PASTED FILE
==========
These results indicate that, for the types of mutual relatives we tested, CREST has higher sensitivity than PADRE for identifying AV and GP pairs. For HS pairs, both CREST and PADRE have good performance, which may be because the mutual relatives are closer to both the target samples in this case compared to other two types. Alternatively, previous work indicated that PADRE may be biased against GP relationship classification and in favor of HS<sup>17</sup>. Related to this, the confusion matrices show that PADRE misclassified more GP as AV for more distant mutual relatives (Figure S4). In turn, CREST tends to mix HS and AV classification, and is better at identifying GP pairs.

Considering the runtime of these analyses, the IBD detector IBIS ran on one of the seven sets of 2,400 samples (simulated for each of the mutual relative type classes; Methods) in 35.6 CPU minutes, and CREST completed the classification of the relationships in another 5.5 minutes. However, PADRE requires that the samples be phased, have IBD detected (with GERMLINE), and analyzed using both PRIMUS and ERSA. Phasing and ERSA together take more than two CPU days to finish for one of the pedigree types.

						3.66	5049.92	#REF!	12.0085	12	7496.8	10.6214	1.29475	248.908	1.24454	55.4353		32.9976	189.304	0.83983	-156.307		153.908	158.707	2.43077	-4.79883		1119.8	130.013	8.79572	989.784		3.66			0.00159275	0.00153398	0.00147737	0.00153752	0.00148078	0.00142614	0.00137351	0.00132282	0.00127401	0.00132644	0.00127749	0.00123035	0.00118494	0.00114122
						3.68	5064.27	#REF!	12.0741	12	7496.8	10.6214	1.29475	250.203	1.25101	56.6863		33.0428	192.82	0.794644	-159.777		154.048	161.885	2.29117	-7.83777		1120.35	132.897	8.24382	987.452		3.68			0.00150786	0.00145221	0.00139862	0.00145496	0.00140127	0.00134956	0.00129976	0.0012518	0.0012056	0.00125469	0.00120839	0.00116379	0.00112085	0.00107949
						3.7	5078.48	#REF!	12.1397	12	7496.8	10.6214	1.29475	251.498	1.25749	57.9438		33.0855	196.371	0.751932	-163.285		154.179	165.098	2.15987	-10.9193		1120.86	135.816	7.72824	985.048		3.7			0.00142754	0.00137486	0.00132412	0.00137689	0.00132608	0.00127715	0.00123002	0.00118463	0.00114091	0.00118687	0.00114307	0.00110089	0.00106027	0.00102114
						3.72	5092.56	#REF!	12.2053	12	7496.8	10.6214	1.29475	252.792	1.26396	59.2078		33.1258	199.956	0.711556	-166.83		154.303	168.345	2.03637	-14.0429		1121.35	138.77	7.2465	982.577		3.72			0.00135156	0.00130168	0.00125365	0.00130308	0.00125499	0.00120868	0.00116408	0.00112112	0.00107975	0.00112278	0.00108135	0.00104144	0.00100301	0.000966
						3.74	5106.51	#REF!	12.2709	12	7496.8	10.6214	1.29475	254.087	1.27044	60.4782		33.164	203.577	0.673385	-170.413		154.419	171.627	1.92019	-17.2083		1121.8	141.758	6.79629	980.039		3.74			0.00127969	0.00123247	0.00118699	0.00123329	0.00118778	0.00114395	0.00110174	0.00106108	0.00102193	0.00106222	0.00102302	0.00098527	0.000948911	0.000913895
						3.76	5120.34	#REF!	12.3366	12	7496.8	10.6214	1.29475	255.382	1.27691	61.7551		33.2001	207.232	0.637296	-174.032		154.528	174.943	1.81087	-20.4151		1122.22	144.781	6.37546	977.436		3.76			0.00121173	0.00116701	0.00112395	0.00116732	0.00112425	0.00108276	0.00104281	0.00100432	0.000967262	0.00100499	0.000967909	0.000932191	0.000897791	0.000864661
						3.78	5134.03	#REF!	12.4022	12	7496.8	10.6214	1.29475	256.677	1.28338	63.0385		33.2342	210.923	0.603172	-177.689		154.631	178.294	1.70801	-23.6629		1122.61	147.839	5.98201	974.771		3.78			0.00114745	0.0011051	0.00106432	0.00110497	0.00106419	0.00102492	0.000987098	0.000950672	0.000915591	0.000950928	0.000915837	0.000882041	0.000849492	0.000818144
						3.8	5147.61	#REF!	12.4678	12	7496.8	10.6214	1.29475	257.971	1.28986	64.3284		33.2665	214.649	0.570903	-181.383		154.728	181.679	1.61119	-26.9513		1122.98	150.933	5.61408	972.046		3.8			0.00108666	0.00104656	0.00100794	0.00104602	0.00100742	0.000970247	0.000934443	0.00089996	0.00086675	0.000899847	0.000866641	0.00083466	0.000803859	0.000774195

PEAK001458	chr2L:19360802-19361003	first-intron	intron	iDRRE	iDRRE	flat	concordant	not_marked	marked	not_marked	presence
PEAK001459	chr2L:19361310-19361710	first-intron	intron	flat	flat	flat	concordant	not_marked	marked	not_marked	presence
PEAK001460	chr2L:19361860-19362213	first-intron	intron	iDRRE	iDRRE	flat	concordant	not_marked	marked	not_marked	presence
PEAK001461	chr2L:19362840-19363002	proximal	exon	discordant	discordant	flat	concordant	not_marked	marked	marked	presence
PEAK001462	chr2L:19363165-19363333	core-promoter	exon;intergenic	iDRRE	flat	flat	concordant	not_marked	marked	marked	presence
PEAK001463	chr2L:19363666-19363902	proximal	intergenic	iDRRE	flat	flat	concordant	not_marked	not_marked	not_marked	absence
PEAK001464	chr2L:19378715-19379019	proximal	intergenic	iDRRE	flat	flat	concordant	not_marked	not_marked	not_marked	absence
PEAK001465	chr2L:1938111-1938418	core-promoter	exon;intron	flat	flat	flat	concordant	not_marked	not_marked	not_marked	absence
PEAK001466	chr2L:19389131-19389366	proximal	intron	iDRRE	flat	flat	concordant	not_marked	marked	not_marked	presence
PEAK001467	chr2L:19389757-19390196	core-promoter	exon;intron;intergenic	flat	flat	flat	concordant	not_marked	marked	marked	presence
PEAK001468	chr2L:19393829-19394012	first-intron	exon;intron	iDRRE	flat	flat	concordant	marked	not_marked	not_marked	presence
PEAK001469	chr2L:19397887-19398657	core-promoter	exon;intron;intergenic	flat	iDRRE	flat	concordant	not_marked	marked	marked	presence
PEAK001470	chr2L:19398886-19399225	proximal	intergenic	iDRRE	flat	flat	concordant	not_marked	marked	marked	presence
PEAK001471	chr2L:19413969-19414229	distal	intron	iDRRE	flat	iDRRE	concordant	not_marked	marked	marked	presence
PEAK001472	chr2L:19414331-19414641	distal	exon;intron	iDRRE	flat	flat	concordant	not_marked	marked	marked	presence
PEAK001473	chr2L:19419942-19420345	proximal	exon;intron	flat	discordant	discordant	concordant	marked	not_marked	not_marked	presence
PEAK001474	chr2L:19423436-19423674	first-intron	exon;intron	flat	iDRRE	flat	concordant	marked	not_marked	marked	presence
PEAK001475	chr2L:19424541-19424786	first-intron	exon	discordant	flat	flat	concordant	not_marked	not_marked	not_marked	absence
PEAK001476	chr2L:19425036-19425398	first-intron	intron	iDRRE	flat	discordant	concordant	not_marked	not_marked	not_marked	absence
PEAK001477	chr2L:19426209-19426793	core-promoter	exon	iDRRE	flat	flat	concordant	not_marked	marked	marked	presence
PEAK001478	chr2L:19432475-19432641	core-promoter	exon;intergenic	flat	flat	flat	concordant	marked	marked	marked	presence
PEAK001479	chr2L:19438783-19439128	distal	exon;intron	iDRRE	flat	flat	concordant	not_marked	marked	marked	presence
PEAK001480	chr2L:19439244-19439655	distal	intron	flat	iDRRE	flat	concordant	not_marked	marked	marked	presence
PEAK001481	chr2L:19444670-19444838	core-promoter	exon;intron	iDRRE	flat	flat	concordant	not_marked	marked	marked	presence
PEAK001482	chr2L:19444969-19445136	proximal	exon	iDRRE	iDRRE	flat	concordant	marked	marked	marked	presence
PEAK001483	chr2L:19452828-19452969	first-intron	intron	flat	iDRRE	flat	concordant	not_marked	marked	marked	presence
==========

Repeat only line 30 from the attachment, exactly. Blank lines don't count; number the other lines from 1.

PEAK001477	chr2L:19426209-19426793	core-promoter	exon	iDRRE	flat	flat	concordant	not_marked	marked	marked	presence